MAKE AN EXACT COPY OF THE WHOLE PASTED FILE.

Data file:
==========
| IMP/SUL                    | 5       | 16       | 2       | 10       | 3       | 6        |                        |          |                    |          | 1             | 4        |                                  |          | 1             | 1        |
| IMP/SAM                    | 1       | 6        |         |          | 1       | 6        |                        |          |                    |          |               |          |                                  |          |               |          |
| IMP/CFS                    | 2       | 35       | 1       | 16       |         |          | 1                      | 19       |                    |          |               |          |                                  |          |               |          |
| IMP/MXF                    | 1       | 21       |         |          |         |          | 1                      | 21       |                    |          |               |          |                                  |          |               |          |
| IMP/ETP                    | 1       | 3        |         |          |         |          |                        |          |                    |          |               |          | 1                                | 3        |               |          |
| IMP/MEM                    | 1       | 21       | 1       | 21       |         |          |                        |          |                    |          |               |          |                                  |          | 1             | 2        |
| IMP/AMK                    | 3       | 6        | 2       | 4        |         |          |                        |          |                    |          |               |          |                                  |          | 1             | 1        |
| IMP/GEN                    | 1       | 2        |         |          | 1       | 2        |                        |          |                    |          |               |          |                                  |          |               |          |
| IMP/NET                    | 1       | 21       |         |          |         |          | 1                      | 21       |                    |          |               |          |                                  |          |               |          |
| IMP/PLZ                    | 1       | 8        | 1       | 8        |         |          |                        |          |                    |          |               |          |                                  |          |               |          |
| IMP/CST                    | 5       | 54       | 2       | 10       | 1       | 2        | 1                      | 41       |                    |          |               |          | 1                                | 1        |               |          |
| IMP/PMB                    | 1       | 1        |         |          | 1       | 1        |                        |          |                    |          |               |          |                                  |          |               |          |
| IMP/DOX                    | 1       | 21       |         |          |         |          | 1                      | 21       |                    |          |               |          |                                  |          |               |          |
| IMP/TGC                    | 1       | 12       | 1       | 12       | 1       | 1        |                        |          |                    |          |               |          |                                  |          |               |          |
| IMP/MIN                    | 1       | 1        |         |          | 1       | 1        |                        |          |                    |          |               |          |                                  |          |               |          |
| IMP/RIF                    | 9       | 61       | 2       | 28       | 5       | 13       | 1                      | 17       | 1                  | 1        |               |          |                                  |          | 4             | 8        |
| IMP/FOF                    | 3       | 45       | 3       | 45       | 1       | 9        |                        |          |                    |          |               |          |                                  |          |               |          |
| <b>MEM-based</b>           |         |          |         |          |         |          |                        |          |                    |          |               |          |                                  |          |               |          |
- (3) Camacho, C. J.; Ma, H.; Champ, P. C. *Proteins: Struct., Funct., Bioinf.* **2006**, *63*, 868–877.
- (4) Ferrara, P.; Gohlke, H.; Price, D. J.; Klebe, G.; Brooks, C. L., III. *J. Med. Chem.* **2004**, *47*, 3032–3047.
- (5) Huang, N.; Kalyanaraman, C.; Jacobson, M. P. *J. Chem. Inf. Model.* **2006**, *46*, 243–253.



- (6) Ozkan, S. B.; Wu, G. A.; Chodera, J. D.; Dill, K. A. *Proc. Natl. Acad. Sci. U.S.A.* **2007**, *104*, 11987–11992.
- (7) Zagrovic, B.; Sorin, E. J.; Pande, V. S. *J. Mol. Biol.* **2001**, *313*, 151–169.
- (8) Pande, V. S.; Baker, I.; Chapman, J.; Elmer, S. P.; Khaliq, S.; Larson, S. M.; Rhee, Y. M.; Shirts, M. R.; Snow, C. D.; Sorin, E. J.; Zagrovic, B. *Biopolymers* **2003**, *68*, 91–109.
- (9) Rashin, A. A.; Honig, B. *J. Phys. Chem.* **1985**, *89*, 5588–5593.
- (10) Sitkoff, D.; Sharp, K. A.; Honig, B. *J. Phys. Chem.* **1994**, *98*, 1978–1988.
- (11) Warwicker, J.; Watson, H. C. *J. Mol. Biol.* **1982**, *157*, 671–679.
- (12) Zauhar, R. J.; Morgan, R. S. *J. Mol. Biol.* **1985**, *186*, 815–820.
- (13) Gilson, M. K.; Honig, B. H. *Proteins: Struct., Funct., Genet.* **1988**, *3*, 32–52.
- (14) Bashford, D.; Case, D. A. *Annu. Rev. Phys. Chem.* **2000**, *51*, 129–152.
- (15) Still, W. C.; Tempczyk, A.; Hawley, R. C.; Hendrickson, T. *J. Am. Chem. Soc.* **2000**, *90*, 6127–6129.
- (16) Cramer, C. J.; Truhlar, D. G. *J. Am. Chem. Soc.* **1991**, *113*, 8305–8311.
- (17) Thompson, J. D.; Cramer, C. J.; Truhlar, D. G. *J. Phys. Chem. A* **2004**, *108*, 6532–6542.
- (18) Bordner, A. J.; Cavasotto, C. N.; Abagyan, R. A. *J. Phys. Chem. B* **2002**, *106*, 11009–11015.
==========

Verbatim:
| IMP/SUL                    | 5       | 16       | 2       | 10       | 3       | 6        |                        |          |                    |          | 1             | 4        |                                  |          | 1             | 1        |
| IMP/SAM                    | 1       | 6        |         |          | 1       | 6        |                        |          |                    |          |               |          |                                  |          |               |          |
| IMP/CFS                    | 2       | 35       | 1       | 16       |         |          | 1                      | 19       |                    |          |               |          |                                  |          |               |          |
| IMP/MXF                    | 1       | 21       |         |          |         |          | 1                      | 21       |                    |          |               |          |                                  |          |               |          |
| IMP/ETP                    | 1       | 3        |         |          |         |          |                        |          |                    |          |               |          | 1                                | 3        |               |          |
| IMP/MEM                    | 1       | 21       | 1       | 21       |         |          |                        |          |                    |          |               |          |                                  |          | 1             | 2        |
| IMP/AMK                    | 3       | 6        | 2       | 4        |         |          |                        |          |                    |          |               |          |                                  |          | 1             | 1        |
| IMP/GEN                    | 1       | 2        |         |          | 1       | 2        |                        |          |                    |          |               |          |                                  |          |               |          |
| IMP/NET                    | 1       | 21       |         |          |         |          | 1                      | 21       |                    |          |               |          |                                  |          |               |          |
| IMP/PLZ                    | 1       | 8        | 1       | 8        |         |          |                        |          |                    |          |               |          |                                  |          |               |          |
| IMP/CST                    | 5       | 54       | 2       | 10       | 1       | 2        | 1                      | 41       |                    |          |               |          | 1                                | 1        |               |          |
| IMP/PMB                    | 1       | 1        |         |          | 1       | 1        |                        |          |                    |          |               |          |                                  |          |               |          |
| IMP/DOX                    | 1       | 21       |         |          |         |          | 1                      | 21       |                    |          |               |          |                                  |          |               |          |
| IMP/TGC                    | 1       | 12       | 1       | 12       | 1       | 1        |                        |          |                    |          |               |          |                                  |          |               |          |
| IMP/MIN                    | 1       | 1        |         |          | 1       | 1        |                        |          |                    |          |               |          |                                  |          |               |          |
| IMP/RIF                    | 9       | 61       | 2       | 28       | 5       | 13       | 1                      | 17       | 1                  | 1        |               |          |                                  |          | 4             | 8        |
| IMP/FOF                    | 3       | 45       | 3       | 45       | 1       | 9        |                        |          |                    |          |               |          |                                  |          |               |          |
| <b>MEM-based</b>           |         |          |         |          |         |          |                        |          |                    |          |               |          |                                  |          |               |          |
- (3) Camacho, C. J.; Ma, H.; Champ, P. C. *Proteins: Struct., Funct., Bioinf.* **2006**, *63*, 868–877.
- (4) Ferrara, P.; Gohlke, H.; Price, D. J.; Klebe, G.; Brooks, C. L., III. *J. Med. Chem.* **2004**, *47*, 3032–3047.
- (5) Huang, N.; Kalyanaraman, C.; Jacobson, M. P. *J. Chem. Inf. Model.* **2006**, *46*, 243–253.



- (6) Ozkan, S. B.; Wu, G. A.; Chodera, J. D.; Dill, K. A. *Proc. Natl. Acad. Sci. U.S.A.* **2007**, *104*, 11987–11992.
- (7) Zagrovic, B.; Sorin, E. J.; Pande, V. S. *J. Mol. Biol.* **2001**, *313*, 151–169.
- (8) Pande, V. S.; Baker, I.; Chapman, J.; Elmer, S. P.; Khaliq, S.; Larson, S. M.; Rhee, Y. M.; Shirts, M. R.; Snow, C. D.; Sorin, E. J.; Zagrovic, B. *Biopolymers* **2003**, *68*, 91–109.
- (9) Rashin, A. A.; Honig, B. *J. Phys. Chem.* **1985**, *89*, 5588–5593.
- (10) Sitkoff, D.; Sharp, K. A.; Honig, B. *J. Phys. Chem.* **1994**, *98*, 1978–1988.
- (11) Warwicker, J.; Watson, H. C. *J. Mol. Biol.* **1982**, *157*, 671–679.
- (12) Zauhar, R. J.; Morgan, R. S. *J. Mol. Biol.* **1985**, *186*, 815–820.
- (13) Gilson, M. K.; Honig, B. H. *Proteins: Struct., Funct., Genet.* **1988**, *3*, 32–52.
- (14) Bashford, D.; Case, D. A. *Annu. Rev. Phys. Chem.* **2000**, *51*, 129–152.
- (15) Still, W. C.; Tempczyk, A.; Hawley, R. C.; Hendrickson, T. *J. Am. Chem. Soc.* **2000**, *90*, 6127–6129.
- (16) Cramer, C. J.; Truhlar, D. G. *J. Am. Chem. Soc.* **1991**, *113*, 8305–8311.
- (17) Thompson, J. D.; Cramer, C. J.; Truhlar, D. G. *J. Phys. Chem. A* **2004**, *108*, 6532–6542.
- (18) Bordner, A. J.; Cavasotto, C. N.; Abagyan, R. A. *J. Phys. Chem. B* **2002**, *106*, 11009–11015.